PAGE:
It is the last night of winter break, the day before the beginning of my last term at Pearson, and I feel curiously indifferent. Not wistful, not regretful, though I know this winter break has been a little carelessly and profitlessly spent. I know I left with only four concrete goals (read Foucault, study French, study German, finish my History IA), and I have fulfilled none of them, really, but I say that only with a shrug. I think the ten days I spent with my family broke the rhythm of my break, because prior to that, I had finished Sartre’s Huis Clos and did some German, but this last week has been a foggy sweep of sleep, Internet and occasionally forays out into Reality for food.
But you know, that’s okay. It was a very restful break, and at least I have no more excuses to use when work this term starts picking up !! I’ve realized maybe I would be generally happier in a job more dutiful than passionate. There’s always that indie wisdom that you should find a job you love, because it’s not work if you love it, but I … observed that I do more on my own when I have to fight to fit it into a schedule filled with things I don’t care about than when I have freedom over my own schedule and control over my ‘job’. Essentially, if it becomes my job, I stop liking it. It could be the fear of failure in an assignment, I suppose, because when something is a hobby, I have the freedom to fail, but when something is my task or goal, then I don’t have that space for exploration anymore, because I need to accomplish it :l
As in the article on Singapore that’s going around on FB, there’s a bit about the Singaporean kiasu mindset, and that’s a word I haven’t heard in so long in spite of its accuracy.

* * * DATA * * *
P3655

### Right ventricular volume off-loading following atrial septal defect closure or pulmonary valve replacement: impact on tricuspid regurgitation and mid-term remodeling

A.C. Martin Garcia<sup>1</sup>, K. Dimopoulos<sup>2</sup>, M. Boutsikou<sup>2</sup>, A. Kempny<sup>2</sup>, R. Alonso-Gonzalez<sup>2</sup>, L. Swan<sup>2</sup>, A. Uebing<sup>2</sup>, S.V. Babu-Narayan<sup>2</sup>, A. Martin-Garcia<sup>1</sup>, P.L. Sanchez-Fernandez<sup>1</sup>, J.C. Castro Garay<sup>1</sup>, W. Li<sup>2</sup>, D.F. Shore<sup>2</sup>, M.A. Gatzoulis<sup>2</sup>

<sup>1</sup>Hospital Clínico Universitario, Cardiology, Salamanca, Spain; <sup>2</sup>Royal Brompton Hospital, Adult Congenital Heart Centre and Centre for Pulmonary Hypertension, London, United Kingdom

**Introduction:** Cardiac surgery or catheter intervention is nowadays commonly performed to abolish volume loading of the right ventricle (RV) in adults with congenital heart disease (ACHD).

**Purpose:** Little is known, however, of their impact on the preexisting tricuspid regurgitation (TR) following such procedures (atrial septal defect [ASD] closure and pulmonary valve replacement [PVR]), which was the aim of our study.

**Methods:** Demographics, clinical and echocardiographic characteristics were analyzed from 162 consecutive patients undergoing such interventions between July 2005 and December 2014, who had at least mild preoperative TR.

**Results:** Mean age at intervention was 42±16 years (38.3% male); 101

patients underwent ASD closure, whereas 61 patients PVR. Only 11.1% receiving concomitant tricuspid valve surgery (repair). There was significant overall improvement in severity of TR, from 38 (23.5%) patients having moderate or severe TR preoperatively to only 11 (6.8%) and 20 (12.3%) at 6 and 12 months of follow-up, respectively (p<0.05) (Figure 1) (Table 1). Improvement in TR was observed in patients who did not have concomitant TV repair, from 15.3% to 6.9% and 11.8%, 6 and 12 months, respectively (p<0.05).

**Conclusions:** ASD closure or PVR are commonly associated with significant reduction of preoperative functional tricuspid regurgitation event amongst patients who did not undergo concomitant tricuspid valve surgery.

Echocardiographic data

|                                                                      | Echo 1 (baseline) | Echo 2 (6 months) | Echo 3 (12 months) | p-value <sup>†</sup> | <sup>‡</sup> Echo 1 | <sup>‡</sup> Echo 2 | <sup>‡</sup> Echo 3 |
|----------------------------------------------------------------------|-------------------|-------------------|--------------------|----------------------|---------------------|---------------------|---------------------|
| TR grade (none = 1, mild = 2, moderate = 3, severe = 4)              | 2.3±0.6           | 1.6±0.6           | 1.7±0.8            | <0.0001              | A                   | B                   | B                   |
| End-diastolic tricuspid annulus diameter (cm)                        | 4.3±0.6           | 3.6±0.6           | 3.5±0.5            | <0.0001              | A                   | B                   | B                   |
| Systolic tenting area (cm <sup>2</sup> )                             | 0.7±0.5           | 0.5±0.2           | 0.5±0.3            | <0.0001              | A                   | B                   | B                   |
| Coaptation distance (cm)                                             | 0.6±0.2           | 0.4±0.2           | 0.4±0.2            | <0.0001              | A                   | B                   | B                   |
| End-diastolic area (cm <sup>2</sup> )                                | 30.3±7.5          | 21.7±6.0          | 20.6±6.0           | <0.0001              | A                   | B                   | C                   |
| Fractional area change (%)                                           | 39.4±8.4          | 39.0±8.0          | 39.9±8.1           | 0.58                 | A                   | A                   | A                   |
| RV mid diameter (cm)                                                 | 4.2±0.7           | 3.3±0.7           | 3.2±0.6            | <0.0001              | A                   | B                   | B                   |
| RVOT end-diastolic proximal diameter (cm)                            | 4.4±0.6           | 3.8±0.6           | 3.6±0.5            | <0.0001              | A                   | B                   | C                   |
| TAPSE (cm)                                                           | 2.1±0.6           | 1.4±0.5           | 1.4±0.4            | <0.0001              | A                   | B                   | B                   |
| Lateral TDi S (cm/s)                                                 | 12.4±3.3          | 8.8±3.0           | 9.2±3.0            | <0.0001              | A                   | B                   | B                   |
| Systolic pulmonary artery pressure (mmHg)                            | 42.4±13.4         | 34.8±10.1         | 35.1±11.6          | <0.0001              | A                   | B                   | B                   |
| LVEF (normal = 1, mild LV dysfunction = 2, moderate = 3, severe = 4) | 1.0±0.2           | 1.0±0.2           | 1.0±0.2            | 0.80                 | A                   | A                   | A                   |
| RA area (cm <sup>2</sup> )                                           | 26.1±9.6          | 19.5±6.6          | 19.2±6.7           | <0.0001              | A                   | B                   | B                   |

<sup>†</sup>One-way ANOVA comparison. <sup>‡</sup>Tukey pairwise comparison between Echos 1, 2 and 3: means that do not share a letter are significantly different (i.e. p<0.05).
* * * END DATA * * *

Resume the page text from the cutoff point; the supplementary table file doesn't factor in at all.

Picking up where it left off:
If there is a single word that sums up the Singaporean existential condition, it is kiasu, a term that means “afraid to lose.” … Singaporeans are big on being number one in everything, but in a kiasu world, winning is never completely sweet, carrying with it the dread of ceasing to win. When the Singapore port, the busiest container hub in the world, slipped behind Shanghai in 2005 in total cargo tonnage handled, it was a national calamity.
This description strikes close to home, yes, especially the dread of ceasing to win. While in my case, the ‘winning’ is not necessarily judged by mainstream standards, the sentiment is still uncomfortably familiar, I admit. The whole article is a neat encapsulation of Singapore, but it’s old – everything on it is familiar, and almost rhetorical, textbook-standard version of Singapore. I can’t help feeling like there’s so much more to us than that, but I don’t know where or how to find it. Even my perspective of Singapore is skewed too; it’s gotten to the point where the default position I’m used to is subversively anti-government instead of the expected pro-government propaganda, and as we are always thought to question the conventional, for me, the conventional has become the voice that criticises the government, instead of the government’s voice. I don’t see much of the criticism against the government – I want to, but I don’t. The response to that, I know, is how isolated and privileged and well, ‘elitist’, my background has been, to the extent that it has limited my exposure to other elements of the society. This has been a lingering question for a long time, and I’ve never quite known how to satisfy it, but it affects so many of my decisions, especially this whole government scholarship thing, because it’s a little … in any case. Oddly enough, this article made me prouder of Singapore and being Singaporean than I have been in the past few months.
I actually really like my host dad, and the past few days. We’ve had very lazy days, and also a few structured outings and discussions, which were refreshing and interesting. I would elaborate but I have other things to be doing right now. On a side note, though, I just showed someone photos of me in the OLD CANOEING GLORY days (yeah, right), and I’m now motivated to actually get on a proper, intense gym plan next term. I wish I had the sun’s help, though. But I liked feeling good about my fitness level.